Mainland visitors to the museum, who grew up in a country inundated with television shows and textbooks trumpeting the evils of Japan’s wartime occupation of China, got a more nuanced picture from Hong, a retired teacher.
The Japanese were surely exploitative overseers during the decades when they controlled the island, from 1895 to 1945, but they also brought education, sanitation, vaccinations and civilization to Taiwan, Hong said, pointing out that the cream of the island’s society clamored to enter Japanese universities.
"By 1935, Taiwan was very prosperous, with the second-highest standard of living in Asia," she said. "The Taiwan people were patriotic, and expected the Kuomintang to preserve that prosperity."
Hong herself embodies the raucous political freedom that took root in Taiwan starting in the 1990s. Chatting with mainland visitors, she made no effort to hide her disdain for the Kuomintang. She also drew the visitors into a conversation about whether China could face the ghosts of its own recent past: the millions of deaths during the famine induced by forced industrialization in the 1950s, the chaos of the Cultural Revolution and the 1989 Tiananmen Square crackdown.
"On the mainland, we just can’t do this," said one visitor, who wanted to be identified only by her first name in English, Jessica, to avoid possible retaliation from the mainland police. "But some day we may have this. No matter what, everything progresses."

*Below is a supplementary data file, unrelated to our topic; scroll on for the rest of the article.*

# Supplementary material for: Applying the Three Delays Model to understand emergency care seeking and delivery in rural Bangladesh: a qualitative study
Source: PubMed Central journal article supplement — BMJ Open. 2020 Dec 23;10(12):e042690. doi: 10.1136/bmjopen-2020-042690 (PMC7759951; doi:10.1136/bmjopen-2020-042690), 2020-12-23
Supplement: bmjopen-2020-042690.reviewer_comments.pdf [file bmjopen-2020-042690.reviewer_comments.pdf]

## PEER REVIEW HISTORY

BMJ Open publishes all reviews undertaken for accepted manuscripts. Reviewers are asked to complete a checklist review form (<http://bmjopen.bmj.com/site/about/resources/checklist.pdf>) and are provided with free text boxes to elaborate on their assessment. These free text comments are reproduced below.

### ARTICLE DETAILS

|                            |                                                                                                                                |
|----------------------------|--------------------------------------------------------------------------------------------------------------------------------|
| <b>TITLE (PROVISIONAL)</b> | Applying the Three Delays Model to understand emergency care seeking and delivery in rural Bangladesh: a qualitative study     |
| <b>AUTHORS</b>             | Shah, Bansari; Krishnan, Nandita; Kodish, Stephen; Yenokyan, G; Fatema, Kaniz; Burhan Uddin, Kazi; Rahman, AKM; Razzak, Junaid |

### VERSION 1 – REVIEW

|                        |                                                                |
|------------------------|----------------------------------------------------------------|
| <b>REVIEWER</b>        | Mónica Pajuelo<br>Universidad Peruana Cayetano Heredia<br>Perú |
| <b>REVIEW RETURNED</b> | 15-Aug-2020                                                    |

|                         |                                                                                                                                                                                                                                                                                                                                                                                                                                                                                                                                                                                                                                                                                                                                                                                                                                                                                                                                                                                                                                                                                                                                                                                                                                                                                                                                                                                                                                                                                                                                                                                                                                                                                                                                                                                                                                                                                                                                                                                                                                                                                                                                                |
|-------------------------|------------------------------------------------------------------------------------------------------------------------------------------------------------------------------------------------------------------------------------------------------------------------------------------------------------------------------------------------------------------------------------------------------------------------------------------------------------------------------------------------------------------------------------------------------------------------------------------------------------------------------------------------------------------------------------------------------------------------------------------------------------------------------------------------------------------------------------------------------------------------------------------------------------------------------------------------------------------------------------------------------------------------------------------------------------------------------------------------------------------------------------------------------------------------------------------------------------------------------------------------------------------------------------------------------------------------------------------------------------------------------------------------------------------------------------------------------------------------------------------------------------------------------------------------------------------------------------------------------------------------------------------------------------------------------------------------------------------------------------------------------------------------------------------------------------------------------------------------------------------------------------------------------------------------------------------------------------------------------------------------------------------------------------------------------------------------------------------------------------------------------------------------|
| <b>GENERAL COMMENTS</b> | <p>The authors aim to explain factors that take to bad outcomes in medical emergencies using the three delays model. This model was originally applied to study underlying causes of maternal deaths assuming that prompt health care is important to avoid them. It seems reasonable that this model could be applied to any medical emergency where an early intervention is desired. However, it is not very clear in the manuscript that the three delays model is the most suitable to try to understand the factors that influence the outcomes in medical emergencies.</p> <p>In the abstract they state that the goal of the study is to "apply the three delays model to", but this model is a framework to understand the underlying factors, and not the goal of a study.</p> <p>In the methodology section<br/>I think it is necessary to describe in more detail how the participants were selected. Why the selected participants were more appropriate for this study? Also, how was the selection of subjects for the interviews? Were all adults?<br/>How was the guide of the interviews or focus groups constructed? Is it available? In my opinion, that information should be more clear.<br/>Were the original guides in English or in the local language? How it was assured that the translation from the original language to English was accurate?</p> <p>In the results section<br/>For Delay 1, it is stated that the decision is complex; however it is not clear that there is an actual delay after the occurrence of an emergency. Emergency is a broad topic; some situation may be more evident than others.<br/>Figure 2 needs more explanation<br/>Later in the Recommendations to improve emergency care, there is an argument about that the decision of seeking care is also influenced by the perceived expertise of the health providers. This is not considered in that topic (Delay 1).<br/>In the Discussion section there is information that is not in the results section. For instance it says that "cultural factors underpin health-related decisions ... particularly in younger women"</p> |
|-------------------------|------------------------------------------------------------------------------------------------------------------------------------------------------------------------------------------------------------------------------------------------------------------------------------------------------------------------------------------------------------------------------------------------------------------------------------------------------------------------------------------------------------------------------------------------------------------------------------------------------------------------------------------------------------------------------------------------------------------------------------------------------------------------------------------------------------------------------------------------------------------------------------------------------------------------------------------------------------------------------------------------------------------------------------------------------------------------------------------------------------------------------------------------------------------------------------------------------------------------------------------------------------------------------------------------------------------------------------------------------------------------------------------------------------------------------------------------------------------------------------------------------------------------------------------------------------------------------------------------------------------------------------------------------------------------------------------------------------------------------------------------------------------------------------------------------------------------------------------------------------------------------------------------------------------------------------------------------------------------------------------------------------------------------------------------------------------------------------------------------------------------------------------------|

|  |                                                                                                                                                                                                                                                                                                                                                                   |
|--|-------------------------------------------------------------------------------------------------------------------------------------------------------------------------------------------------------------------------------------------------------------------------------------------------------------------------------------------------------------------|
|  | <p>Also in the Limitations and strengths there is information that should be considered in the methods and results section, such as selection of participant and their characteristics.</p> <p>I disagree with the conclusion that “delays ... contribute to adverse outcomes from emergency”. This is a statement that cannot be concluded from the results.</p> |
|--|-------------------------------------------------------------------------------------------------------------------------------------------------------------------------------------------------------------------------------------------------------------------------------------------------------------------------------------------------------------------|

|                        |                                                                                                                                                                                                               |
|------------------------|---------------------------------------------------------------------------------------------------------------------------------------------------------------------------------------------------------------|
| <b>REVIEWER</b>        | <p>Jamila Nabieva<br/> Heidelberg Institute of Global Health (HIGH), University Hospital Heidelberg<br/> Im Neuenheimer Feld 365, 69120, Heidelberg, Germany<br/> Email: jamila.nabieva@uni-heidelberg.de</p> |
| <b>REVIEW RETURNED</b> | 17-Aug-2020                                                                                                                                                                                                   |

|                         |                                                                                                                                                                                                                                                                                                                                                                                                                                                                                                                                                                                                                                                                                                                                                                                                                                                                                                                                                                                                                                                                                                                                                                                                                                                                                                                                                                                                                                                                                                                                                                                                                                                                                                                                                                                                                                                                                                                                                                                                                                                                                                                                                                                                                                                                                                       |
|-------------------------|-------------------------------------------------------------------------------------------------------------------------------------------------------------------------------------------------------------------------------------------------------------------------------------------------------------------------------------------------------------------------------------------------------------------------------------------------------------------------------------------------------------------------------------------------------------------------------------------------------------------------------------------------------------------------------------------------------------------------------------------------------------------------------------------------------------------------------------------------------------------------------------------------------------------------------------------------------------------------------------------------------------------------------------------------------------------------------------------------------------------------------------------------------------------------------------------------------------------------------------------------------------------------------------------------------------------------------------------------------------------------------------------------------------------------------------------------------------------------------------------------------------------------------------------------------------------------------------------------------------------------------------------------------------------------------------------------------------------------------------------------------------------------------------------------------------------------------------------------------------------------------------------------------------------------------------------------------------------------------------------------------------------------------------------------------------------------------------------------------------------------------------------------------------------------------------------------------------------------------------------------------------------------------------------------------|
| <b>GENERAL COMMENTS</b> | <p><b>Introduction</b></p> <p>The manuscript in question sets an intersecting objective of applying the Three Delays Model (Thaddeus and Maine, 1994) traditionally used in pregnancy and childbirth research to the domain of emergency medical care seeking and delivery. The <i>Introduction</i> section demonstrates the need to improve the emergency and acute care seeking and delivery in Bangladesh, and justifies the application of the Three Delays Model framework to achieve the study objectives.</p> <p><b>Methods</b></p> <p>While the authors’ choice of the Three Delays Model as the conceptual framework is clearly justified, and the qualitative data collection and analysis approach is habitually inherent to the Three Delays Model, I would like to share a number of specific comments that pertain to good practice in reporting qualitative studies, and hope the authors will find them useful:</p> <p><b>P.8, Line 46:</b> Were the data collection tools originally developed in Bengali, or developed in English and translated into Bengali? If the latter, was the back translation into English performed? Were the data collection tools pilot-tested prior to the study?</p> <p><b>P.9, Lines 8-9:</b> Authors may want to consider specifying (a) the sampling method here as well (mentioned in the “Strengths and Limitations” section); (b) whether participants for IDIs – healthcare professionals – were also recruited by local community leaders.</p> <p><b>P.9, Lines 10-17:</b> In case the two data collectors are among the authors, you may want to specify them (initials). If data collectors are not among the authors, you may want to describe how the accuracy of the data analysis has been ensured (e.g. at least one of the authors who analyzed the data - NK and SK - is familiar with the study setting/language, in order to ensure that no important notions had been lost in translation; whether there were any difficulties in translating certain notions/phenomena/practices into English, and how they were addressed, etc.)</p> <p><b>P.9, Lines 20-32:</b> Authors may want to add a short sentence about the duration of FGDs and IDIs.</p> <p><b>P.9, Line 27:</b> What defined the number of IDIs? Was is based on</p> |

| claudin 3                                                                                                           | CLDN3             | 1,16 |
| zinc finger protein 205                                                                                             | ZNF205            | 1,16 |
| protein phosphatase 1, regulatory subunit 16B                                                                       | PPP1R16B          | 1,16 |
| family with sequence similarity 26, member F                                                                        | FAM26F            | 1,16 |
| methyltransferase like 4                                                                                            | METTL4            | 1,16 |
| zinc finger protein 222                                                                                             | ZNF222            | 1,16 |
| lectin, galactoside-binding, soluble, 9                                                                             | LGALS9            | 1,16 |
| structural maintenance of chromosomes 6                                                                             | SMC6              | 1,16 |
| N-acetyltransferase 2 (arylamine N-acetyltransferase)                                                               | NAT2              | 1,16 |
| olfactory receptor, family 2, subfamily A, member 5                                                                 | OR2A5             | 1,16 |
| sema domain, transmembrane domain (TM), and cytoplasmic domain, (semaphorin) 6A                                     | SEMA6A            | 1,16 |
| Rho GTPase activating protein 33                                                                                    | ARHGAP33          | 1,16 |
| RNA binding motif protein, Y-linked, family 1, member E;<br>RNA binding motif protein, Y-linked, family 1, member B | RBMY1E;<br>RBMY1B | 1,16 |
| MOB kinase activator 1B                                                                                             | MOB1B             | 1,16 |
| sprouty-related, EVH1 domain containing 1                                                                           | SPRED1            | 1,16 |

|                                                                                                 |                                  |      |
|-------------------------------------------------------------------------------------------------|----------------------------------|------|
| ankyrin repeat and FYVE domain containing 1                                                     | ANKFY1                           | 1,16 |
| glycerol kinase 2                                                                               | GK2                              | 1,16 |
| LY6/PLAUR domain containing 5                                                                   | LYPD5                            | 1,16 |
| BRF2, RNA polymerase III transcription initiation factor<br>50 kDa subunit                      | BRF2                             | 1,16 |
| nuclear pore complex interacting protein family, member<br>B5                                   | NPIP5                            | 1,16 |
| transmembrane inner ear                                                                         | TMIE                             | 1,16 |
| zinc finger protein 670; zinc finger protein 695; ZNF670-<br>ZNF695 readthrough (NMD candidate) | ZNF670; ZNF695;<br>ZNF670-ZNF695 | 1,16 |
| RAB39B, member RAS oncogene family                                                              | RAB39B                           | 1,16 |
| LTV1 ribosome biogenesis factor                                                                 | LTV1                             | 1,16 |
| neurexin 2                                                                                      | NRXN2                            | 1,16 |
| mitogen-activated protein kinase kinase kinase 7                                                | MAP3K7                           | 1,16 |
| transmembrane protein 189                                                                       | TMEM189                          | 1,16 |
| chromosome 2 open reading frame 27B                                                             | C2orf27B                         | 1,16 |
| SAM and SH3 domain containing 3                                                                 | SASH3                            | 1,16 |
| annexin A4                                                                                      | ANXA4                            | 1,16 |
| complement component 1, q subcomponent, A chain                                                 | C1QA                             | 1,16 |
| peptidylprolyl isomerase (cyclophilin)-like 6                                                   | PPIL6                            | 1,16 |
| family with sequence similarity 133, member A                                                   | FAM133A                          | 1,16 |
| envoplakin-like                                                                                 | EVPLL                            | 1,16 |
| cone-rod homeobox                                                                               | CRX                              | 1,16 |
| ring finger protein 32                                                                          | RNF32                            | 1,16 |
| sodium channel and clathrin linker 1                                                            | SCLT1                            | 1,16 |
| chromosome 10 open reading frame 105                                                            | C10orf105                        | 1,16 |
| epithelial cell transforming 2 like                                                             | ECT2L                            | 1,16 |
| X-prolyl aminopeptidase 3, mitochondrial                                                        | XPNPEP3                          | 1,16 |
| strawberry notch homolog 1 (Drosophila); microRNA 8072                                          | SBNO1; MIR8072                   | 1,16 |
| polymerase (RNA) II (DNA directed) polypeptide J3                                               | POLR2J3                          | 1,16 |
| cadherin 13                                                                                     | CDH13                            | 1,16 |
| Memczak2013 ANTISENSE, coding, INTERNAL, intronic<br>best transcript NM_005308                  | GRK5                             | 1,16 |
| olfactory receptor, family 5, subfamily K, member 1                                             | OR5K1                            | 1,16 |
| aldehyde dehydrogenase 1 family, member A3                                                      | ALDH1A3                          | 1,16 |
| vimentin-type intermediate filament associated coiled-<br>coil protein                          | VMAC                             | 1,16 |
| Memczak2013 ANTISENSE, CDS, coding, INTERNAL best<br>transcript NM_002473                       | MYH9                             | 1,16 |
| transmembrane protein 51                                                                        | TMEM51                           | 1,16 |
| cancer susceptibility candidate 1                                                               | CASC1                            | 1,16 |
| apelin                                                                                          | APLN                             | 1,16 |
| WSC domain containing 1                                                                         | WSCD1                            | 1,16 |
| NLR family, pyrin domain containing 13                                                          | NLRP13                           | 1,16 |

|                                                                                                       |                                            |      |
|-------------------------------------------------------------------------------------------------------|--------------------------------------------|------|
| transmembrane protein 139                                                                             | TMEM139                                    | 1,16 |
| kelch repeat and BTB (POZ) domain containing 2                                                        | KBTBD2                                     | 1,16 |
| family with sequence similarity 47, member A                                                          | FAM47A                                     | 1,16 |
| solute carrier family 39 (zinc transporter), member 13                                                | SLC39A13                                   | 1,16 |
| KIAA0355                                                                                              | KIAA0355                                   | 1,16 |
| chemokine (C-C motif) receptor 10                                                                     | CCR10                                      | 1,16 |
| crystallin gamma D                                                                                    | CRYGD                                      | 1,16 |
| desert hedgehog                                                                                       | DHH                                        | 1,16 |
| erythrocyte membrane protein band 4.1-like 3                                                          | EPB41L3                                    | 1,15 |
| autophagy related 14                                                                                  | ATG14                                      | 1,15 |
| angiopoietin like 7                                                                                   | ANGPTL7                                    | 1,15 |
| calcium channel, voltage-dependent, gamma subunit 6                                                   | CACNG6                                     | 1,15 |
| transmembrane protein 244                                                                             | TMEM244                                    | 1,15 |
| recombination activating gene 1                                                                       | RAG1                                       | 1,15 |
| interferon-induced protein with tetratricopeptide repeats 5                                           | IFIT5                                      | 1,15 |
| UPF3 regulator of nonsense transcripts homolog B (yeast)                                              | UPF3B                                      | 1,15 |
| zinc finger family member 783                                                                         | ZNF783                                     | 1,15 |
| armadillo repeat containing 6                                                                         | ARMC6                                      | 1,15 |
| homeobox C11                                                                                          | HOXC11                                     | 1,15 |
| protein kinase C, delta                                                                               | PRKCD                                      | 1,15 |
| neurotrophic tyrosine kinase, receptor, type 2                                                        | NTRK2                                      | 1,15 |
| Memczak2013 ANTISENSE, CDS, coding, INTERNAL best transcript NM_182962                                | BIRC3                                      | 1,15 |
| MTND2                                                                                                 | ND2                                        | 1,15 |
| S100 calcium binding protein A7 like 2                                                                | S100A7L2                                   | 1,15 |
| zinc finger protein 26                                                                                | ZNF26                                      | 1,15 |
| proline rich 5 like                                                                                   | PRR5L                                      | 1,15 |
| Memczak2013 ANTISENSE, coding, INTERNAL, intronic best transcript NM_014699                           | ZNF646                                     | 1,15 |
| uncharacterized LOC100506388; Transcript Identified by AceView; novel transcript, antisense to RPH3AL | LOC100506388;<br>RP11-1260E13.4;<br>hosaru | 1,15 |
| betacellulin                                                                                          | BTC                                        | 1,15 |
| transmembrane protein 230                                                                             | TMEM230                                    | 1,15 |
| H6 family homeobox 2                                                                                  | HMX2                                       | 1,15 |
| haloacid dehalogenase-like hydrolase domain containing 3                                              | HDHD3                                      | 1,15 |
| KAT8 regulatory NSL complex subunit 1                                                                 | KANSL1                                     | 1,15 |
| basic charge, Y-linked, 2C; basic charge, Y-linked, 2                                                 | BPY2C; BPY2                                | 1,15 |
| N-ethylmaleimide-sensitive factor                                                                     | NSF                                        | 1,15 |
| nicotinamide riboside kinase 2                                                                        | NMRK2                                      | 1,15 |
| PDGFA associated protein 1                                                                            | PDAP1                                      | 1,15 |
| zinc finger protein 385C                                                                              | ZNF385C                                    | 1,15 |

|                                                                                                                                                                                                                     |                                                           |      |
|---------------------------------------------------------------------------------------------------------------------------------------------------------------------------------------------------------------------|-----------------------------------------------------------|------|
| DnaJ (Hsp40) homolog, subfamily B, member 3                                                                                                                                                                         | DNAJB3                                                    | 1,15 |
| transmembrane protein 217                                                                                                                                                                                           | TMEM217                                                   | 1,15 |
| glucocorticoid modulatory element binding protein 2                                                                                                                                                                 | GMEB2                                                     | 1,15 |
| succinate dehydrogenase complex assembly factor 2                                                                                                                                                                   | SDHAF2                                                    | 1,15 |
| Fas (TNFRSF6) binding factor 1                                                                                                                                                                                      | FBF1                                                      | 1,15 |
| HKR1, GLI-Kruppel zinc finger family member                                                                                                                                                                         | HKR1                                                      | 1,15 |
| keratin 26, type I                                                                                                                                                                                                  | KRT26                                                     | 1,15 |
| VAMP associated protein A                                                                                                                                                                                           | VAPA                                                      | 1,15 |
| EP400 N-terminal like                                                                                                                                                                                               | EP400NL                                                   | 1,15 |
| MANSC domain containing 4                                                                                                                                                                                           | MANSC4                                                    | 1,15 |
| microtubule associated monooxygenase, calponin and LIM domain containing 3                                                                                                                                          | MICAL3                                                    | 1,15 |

Her friend Eric, who is from a city in northern China, said that with more young people studying abroad, China would eventually open up. For both Eric and Jessica, the museum evoked thoughts of how radically different their government’s approach to the Tiananmen crackdown has been from Taiwan’s to the 228 Incident.
"During that time, the Chinese people could stand up, they could protest, they could express themselves," Eric said. "But afterward, they couldn’t talk about it, and everyone just focused on chasing money."
Jim Lee, a professor of Taiwanese culture at National Taipei University of Education, said Taiwan’s experience of first suppressing its history in the interest of social stability, and then forcefully coming to terms with it, could be a "lighthouse for the mainland." That is, if the Chinese government and the Communist Party someday wish to confront the Communists’ own past, especially the suppression of the student-led movements in 1989.
"Taiwan has left those things behind and is facing its history," Lee said in a telephone interview.
Lai Jeh-hang, a history professor at National Central University in Taiwan, said that the process of coming to terms with the 228 Incident led to the flowering of civil society on the island. "People were no longer afraid to speak out," he said.
The process continues. Chen Tsui-lien, a historian at National Taiwan University, said the reconciliation was only "halfway through." Despite the evidence of the Kuomintang’s responsibility for the killings in 1947, on display at the museum, so far the focus has been on compensating the victims’ families rather than on assigning blame.
"Since there are so many victims, there should be someone responsible, and this part hasn’t been dealt with," Chen said.
But for Astrid Chiu, who teaches Chinese at a primary school in Hong Kong, Hong’s tour was inspiring. She thought the Taiwanese were lucky to have a system that was so open about its past, whatever the limitations. "That Taiwan can get the money to build this museum and to show the truth to people, and to let tourists come here to know the truth, it really surprised me," she said.